Our chronic pain patient possessed similar underlying pathology as that of our surgical patient, but opted for a non-operative approach to treatment for his condition. The patient is a 70-year-old male with a diagnosis of a right posterior horn medial meniscal lesion and medial femoral condyle osteoarthritis. Subjective examination disclosed this individual to suffer from morning joint stiffness and pain, as well as constant dull pain throughout the course of the day that ranges from 3 out of 10, to 6 out of 10 during periods of exacerbation.

Location of the patient's symptoms always resided at the medial compartment of his right knee. His signs and symptoms typically increased after prolonged static positioning, like sitting or standing for greater than 30 minutes, excessive squatting positions required for certain activities of daily living (ADLs), or after walking 18 holes of golf, as well as with hitting out of sand traps or the rough. No diagnostic testing was conducted at the time, and a review of systems and past medical history was unremarkable.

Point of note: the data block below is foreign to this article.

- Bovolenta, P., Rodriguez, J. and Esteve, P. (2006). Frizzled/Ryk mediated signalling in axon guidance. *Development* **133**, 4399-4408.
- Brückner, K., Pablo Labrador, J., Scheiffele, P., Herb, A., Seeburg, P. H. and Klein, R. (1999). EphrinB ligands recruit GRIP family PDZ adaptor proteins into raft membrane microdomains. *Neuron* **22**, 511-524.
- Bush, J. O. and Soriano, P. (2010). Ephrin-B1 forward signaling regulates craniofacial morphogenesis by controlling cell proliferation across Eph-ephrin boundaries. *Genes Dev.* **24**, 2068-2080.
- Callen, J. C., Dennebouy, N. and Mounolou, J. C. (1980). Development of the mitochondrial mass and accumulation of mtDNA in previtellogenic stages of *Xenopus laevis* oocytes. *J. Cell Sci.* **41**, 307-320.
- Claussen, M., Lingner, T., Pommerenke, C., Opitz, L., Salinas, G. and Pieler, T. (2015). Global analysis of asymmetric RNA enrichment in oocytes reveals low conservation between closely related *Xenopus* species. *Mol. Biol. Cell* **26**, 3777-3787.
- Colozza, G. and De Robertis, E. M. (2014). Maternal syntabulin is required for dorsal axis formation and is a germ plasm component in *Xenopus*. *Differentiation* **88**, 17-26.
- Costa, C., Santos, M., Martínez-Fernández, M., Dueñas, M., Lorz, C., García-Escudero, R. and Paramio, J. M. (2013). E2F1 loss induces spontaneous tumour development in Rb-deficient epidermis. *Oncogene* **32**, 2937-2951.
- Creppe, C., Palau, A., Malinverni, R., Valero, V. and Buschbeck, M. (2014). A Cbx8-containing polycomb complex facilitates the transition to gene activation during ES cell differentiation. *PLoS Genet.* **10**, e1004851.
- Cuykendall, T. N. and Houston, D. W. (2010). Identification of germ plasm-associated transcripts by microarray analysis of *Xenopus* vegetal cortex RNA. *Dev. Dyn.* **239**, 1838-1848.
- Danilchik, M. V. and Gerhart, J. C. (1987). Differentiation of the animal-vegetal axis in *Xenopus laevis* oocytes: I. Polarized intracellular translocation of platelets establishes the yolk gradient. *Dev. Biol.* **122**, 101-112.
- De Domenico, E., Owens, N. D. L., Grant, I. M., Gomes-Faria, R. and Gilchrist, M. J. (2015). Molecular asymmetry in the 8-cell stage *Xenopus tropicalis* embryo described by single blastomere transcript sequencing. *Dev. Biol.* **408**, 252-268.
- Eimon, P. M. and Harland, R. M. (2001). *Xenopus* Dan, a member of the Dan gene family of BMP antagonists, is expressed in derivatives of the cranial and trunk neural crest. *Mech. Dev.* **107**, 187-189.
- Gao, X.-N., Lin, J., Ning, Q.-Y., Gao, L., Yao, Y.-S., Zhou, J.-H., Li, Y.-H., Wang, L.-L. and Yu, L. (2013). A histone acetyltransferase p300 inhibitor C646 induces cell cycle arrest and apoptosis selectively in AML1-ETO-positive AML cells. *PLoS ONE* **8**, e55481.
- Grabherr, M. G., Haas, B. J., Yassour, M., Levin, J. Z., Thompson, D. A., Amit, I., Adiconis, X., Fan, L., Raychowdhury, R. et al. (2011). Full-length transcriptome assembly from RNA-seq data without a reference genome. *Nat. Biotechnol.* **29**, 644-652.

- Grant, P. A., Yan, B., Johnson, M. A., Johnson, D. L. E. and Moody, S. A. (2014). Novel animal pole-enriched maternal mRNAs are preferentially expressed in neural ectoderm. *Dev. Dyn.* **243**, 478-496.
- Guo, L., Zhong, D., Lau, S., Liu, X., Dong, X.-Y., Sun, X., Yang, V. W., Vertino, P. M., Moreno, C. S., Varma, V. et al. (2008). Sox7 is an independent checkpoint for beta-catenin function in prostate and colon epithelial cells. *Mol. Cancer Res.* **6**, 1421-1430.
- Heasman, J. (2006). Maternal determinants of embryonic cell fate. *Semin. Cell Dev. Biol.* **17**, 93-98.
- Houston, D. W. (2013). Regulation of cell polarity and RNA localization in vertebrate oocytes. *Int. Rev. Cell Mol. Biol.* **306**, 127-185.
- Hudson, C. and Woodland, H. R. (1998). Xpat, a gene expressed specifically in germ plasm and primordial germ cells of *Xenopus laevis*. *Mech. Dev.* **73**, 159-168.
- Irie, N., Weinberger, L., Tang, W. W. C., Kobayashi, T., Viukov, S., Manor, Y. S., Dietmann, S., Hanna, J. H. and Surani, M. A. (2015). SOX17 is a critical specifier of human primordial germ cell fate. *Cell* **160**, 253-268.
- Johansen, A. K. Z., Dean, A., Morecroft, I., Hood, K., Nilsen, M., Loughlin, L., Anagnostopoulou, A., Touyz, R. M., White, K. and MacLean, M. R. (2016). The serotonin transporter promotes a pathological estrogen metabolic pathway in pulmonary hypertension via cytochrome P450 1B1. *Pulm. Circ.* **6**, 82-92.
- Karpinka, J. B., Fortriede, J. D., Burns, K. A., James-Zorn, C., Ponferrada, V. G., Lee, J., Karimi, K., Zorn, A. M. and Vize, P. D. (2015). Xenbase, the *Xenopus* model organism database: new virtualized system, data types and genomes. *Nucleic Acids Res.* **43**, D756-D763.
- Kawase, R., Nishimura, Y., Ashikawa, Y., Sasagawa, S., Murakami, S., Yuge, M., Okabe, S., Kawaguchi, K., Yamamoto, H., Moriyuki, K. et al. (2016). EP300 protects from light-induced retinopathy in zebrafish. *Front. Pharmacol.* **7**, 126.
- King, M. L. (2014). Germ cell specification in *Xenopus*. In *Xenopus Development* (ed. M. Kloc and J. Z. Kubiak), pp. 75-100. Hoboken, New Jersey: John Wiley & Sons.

The patient's physical examination provided the following; moderate bilateral genu varum, a positive McMurray's test for a potential medial meniscal lesion, AROM to be within functional limits with pain at the end range of both flexion and extension, strength deficits at the right quadriceps, hamstrings and adductor muscle groups equivalent to 4 plus out of 5, and bilateral gluteus medius muscular strength of 3 plus out of 5 via MMT, fair dynamic single-leg stance balance (assessed via multi-directional perturbations with patient in single-leg stance) at the right lower extremity was present, active trigger points in the right gluteus minumus, medius, maximus, tensor fasciae latae (TFL) were detected, and moderate increased tissue density at the right iliotibial band (ITB) was observed, along with a hypomobile right tibiofemoral joint.3